<head><title>PARAMS Example</title></head>
  <body>
    <p>Your name is: Robert </p>
    <p>Your name is: Scott </p>
  </body>
</html>

include

The include directive allows users to insert other templates inside of the given template in a type safe manner.

The syntax looks like this:

<%@ include [template-name] %>

For example, consider the following template, MyTemplate.html.mtl:

<% int fontSize = 0; %>
<html>
  <head><title>WHILE LOOP Example</title></head>
  <body>
    <% while (fontSize <= 3) { %>
      <font color = "green" size = "<%= fontSize %>">
        ManTL Tutorial
      </font><br />
      <%fontSize++;%>
    <%}%>
  </body>
</html>

We can then include it from another template as such:

<%@ include MyTemplate %>

Both statements will result in the following HTML code:

<html>
  <head><title>WHILE LOOP Example</title></head>
  <body>
    <font color = "green" size = "0">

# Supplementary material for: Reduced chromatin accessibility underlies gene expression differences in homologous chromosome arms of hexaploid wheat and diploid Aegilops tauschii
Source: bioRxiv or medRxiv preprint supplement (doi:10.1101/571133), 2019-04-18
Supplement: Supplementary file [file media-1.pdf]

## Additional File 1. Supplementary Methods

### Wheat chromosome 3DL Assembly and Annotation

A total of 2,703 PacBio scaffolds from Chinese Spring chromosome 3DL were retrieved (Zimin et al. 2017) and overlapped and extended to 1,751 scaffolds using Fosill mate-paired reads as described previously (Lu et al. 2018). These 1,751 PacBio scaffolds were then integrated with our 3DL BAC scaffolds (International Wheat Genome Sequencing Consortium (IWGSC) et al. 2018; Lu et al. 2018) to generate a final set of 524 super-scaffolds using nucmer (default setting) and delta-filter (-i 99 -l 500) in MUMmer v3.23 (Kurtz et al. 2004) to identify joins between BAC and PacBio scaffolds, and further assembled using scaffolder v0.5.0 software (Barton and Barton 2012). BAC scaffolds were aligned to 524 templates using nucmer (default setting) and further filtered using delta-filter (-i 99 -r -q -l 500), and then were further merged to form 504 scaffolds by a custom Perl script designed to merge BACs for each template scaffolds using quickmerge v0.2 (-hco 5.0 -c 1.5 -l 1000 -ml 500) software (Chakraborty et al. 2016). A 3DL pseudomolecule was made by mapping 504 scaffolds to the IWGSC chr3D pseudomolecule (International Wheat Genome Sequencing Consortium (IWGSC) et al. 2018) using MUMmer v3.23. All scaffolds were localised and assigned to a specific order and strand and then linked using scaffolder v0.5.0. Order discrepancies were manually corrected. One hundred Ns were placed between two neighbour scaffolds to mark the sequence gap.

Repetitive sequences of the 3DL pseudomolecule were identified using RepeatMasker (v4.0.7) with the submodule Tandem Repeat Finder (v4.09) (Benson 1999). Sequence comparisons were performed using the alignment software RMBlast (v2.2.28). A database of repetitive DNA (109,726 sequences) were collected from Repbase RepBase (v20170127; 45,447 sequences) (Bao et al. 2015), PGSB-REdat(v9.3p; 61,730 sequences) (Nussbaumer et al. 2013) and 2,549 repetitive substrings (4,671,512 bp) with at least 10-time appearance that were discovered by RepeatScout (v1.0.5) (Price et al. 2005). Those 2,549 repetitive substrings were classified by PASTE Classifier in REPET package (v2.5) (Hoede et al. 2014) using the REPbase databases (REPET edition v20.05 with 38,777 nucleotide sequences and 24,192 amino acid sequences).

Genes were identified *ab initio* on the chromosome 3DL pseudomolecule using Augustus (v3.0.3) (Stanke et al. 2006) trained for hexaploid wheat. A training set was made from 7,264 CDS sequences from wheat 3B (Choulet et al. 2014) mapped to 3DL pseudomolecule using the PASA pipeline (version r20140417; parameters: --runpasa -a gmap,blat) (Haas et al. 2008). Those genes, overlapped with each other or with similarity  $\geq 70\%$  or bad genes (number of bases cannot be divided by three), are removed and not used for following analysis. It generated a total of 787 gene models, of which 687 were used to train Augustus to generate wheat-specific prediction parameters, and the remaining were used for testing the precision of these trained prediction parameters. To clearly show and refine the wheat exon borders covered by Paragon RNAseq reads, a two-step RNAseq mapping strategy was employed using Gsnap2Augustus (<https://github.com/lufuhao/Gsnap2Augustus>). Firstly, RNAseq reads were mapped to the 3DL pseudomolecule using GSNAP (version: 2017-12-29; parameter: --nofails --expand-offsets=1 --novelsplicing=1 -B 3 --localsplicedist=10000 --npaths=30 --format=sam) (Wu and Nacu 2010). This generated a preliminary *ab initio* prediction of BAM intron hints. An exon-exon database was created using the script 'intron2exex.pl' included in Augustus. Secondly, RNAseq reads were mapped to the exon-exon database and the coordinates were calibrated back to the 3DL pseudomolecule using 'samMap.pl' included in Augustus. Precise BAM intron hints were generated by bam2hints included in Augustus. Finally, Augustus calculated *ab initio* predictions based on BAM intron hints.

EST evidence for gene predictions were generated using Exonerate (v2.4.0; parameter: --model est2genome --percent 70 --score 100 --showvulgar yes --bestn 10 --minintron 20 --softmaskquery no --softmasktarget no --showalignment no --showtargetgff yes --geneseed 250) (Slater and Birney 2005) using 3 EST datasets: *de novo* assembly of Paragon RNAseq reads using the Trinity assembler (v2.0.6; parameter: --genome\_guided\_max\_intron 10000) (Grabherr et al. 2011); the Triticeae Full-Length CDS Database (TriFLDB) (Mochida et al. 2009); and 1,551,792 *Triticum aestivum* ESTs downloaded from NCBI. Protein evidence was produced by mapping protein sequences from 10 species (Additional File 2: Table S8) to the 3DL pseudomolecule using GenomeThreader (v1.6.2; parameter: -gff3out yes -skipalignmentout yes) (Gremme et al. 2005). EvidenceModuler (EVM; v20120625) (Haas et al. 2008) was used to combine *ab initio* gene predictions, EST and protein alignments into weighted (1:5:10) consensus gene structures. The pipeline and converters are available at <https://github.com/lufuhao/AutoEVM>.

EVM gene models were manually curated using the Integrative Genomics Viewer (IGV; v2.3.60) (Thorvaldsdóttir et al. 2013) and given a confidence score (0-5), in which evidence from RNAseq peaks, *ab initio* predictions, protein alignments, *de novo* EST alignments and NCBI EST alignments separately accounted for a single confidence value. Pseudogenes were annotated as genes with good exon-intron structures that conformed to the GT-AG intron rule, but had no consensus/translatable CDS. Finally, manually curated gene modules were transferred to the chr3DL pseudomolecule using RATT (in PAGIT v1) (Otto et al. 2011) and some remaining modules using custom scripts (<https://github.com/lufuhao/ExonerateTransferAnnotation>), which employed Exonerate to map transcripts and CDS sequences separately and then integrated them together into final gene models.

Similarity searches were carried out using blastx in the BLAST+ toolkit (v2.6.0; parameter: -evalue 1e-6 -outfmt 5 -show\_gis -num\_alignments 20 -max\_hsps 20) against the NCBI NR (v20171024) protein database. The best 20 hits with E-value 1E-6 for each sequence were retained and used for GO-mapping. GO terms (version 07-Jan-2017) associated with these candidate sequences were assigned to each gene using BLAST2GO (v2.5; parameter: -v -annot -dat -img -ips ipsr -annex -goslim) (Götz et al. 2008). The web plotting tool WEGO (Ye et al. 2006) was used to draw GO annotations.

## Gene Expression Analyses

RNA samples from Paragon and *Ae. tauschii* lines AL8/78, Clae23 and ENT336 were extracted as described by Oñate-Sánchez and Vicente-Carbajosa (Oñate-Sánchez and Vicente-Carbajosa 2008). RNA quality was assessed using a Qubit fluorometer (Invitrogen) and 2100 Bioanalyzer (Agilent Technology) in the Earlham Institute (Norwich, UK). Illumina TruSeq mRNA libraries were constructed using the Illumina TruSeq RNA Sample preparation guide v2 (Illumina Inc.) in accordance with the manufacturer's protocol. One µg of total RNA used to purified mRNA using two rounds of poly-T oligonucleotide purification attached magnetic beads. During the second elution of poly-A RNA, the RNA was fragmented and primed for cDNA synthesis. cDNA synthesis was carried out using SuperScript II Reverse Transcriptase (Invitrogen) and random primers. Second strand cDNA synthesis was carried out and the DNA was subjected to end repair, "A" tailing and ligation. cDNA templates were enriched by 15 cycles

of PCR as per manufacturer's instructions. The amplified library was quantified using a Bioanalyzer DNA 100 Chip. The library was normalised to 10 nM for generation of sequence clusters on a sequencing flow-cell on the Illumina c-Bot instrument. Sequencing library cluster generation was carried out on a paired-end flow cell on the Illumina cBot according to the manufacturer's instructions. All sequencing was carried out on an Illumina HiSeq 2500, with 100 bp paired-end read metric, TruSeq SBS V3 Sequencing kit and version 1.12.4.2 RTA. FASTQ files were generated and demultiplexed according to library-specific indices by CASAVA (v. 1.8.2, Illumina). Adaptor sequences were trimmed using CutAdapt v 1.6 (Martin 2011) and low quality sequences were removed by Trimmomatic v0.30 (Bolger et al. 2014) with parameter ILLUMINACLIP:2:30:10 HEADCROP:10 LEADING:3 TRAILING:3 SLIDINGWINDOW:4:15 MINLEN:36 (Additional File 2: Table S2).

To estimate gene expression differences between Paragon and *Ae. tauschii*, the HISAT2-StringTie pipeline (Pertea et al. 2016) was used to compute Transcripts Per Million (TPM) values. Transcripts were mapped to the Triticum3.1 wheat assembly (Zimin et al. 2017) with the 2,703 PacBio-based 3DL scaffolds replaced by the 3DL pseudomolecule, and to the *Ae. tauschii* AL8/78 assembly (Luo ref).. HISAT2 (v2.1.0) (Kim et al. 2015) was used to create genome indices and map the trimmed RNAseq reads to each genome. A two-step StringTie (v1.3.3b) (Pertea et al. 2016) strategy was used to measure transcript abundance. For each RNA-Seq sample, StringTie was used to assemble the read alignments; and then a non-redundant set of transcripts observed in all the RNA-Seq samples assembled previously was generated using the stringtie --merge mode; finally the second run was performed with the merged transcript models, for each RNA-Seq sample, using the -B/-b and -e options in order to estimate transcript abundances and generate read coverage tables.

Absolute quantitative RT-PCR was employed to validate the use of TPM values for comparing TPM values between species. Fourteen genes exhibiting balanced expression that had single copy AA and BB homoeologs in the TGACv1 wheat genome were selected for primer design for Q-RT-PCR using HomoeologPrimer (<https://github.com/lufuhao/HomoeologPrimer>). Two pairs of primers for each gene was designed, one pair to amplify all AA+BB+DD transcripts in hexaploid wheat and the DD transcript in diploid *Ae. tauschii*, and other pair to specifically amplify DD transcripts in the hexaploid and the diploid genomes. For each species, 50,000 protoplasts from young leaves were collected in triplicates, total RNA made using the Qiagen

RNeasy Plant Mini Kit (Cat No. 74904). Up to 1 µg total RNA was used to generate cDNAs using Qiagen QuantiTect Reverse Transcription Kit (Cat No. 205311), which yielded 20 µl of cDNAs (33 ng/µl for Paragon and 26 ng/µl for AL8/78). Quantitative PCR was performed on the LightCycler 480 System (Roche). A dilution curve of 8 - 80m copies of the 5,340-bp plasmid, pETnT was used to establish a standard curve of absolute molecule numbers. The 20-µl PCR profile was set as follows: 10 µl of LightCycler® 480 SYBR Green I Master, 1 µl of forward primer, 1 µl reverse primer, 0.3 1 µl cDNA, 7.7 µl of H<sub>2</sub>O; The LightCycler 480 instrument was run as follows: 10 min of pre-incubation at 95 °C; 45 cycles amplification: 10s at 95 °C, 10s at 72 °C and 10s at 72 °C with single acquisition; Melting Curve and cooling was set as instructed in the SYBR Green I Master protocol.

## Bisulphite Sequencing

ManTL Tutorial
    </font><
    <font color = "green" size = "1">
      ManTL Tutorial
    </font><br />
    <font color = "green" size = "2">
      ManTL Tutorial
    </font><br />
    <font color = "green" size = "3">
      ManTL Tutorial
    </font><br />
  </body>
</html>

Conditional Include

ManTL supports shorthand for conditional inclusion of templates. The following syntax:

<% if (condition) { %>
  <%@ include MyTemplate %>
<% } %>

Can be condensed to the following:

<%@ include MyTemplate if(condition) %>

(Note: In the above, parentheses are optional.)

section

The section directive creates a subsection of the current template that can be added using the include directive in other templates.

The syntax of a section block:

<%@ section section-name[(symbols-used-in-section)] %>
  SECTION CONTENT HERE
<%@ end section %>

Note the corresponding <%@ end section %> directive must be used to complete the section, otherwise a compile error results.

For example, you can create the template NestedImport.html.mtl as the following:

<%@ import java.util.* %>
<h1>Defines a section</h1>
<%@ section mySection %>
  <% HashSet<Integer> myHashSet = new HashSet<>();
  myHashSet.add(1);
  myHashSet.add(2);
  myHashSet.add(3);
  for(Integer a: myHashSet) { %>
  <h2 style="font-size: ${a}">Font size: ${a}</h2>
  <% } %>
<%@ end section %>
<p> The End </p>

The above code will generate the following HTML:

  <h1>Defines a section</h1>
  <h2 style="font-size: 1">Font size: 1</h2>